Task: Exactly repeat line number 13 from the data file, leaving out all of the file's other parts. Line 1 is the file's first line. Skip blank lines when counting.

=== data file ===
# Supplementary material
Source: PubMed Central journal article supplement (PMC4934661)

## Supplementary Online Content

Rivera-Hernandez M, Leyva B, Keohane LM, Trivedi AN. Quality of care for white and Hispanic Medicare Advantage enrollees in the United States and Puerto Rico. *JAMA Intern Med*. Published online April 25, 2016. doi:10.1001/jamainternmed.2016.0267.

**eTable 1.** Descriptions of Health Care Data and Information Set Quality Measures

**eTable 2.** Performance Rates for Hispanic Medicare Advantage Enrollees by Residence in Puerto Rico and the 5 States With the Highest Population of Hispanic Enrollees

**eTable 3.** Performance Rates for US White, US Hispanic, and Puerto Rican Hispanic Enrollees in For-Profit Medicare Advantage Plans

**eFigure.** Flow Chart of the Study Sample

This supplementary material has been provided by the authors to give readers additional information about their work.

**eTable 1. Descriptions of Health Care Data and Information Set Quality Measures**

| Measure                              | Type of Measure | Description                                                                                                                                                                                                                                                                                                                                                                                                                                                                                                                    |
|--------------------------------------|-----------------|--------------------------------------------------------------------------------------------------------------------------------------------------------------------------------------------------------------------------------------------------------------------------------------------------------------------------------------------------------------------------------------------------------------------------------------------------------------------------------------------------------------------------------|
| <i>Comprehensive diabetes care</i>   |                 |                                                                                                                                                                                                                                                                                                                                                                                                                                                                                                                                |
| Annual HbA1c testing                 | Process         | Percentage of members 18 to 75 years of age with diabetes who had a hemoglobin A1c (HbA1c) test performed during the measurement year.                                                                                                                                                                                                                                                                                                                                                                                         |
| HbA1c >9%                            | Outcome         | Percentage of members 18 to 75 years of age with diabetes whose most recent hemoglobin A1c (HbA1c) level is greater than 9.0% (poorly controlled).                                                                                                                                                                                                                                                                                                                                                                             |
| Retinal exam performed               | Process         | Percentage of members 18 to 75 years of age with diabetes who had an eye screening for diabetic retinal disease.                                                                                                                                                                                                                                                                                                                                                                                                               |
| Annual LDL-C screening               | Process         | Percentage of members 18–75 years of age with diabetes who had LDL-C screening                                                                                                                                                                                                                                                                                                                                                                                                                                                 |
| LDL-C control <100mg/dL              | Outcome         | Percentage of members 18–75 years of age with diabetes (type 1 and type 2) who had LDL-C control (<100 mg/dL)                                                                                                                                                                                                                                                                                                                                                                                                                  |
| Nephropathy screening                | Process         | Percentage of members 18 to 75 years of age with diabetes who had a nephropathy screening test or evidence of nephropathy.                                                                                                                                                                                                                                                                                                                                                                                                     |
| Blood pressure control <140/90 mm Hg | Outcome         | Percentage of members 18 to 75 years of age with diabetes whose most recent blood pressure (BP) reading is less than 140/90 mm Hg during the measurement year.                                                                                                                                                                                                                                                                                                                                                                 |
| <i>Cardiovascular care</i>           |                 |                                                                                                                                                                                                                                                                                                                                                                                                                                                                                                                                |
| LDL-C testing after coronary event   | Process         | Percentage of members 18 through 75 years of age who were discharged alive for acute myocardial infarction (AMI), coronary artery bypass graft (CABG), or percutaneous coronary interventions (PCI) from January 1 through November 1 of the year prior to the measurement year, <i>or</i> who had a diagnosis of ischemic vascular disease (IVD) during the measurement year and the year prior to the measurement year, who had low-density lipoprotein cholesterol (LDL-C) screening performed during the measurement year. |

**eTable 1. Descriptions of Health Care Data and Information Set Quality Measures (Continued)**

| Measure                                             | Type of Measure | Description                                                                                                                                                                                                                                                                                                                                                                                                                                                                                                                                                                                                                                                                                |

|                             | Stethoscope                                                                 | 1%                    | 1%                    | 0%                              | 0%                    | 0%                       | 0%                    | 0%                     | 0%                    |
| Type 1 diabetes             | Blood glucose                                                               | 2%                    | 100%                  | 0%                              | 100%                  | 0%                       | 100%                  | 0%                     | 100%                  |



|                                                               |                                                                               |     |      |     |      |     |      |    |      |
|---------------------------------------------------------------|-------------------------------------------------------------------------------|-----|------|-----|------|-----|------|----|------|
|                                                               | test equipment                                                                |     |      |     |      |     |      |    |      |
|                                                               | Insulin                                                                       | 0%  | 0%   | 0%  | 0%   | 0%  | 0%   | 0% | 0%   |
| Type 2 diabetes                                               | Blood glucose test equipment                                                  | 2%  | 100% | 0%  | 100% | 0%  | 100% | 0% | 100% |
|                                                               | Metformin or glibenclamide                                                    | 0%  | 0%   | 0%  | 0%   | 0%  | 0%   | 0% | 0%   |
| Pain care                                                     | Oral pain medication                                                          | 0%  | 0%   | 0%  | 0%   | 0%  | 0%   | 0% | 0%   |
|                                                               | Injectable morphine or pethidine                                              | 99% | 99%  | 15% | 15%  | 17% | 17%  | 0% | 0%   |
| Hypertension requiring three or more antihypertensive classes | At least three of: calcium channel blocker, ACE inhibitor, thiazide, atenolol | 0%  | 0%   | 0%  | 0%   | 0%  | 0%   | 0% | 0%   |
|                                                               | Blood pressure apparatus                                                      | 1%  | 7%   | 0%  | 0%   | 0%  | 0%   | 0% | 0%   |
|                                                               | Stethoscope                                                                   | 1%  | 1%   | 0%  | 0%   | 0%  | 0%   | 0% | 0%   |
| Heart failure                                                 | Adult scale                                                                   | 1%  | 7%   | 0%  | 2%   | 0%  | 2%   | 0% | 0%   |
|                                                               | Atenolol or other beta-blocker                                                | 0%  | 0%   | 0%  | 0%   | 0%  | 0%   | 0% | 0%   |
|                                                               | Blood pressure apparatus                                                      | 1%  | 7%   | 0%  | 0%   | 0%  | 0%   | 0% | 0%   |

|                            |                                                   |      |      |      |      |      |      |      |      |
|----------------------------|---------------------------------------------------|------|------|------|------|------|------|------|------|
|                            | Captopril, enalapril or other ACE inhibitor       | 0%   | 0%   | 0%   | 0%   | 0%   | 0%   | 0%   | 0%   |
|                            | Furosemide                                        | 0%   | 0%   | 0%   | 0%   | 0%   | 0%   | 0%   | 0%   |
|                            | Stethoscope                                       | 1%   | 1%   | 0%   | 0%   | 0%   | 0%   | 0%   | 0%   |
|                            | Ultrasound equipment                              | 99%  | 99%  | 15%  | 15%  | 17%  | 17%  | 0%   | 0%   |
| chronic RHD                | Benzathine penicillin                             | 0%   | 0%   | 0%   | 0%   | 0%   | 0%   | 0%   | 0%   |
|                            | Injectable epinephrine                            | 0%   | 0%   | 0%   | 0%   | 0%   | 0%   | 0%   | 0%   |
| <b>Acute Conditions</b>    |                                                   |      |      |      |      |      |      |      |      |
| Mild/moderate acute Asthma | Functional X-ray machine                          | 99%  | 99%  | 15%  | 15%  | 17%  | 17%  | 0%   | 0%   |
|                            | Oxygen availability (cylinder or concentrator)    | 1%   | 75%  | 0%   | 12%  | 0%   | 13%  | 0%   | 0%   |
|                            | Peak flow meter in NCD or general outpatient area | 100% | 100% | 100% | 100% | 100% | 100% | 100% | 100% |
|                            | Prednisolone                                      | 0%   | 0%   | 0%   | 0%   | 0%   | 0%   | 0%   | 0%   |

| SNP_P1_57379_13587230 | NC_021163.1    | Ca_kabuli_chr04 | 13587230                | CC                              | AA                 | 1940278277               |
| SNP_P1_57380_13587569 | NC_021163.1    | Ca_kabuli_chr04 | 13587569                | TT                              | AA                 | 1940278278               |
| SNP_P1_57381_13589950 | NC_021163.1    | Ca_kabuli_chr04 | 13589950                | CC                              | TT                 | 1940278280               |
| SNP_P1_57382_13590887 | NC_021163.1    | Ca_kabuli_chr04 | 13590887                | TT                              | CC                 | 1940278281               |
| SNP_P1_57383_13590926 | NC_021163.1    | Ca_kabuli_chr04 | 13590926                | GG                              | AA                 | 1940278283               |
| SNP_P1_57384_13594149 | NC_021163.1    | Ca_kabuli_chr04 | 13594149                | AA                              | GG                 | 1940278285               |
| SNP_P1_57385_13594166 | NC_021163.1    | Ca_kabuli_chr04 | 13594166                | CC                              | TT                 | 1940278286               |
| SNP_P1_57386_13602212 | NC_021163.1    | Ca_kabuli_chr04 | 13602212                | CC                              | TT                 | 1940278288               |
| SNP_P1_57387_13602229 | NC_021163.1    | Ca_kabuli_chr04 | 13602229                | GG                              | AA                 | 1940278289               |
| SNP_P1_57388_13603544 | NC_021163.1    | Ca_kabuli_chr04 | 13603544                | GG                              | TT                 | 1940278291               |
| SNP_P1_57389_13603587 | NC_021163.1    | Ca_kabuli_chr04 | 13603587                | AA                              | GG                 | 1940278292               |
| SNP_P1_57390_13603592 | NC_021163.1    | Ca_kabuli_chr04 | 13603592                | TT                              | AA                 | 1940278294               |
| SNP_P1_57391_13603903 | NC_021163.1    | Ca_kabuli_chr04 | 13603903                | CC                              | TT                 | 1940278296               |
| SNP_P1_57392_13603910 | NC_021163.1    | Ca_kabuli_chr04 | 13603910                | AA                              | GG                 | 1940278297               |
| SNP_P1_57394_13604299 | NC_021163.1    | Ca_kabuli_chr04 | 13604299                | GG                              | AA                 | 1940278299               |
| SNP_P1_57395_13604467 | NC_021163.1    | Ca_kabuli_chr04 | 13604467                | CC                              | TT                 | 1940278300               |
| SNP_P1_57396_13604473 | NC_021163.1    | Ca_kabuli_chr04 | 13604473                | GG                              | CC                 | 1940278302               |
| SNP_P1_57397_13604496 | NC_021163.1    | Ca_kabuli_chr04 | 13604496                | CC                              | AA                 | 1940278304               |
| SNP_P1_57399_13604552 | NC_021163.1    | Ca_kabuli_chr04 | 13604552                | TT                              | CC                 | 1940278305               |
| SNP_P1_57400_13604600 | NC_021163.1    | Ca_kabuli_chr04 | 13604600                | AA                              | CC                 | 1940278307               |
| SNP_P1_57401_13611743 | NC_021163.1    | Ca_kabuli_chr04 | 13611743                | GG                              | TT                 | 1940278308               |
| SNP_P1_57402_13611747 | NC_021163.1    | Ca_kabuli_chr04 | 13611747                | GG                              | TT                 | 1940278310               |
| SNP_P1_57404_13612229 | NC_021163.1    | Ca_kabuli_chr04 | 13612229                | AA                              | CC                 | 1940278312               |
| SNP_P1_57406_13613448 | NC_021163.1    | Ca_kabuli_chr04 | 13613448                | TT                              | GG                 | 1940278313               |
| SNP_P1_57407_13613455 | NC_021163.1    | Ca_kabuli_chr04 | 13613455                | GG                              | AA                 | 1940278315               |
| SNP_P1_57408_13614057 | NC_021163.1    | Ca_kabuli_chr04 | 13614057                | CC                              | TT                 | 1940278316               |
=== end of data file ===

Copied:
| <i>Comprehensive diabetes care</i>   |                 |                                                                                                                                                                                                                                                                                                                                                                                                                                                                                                                                |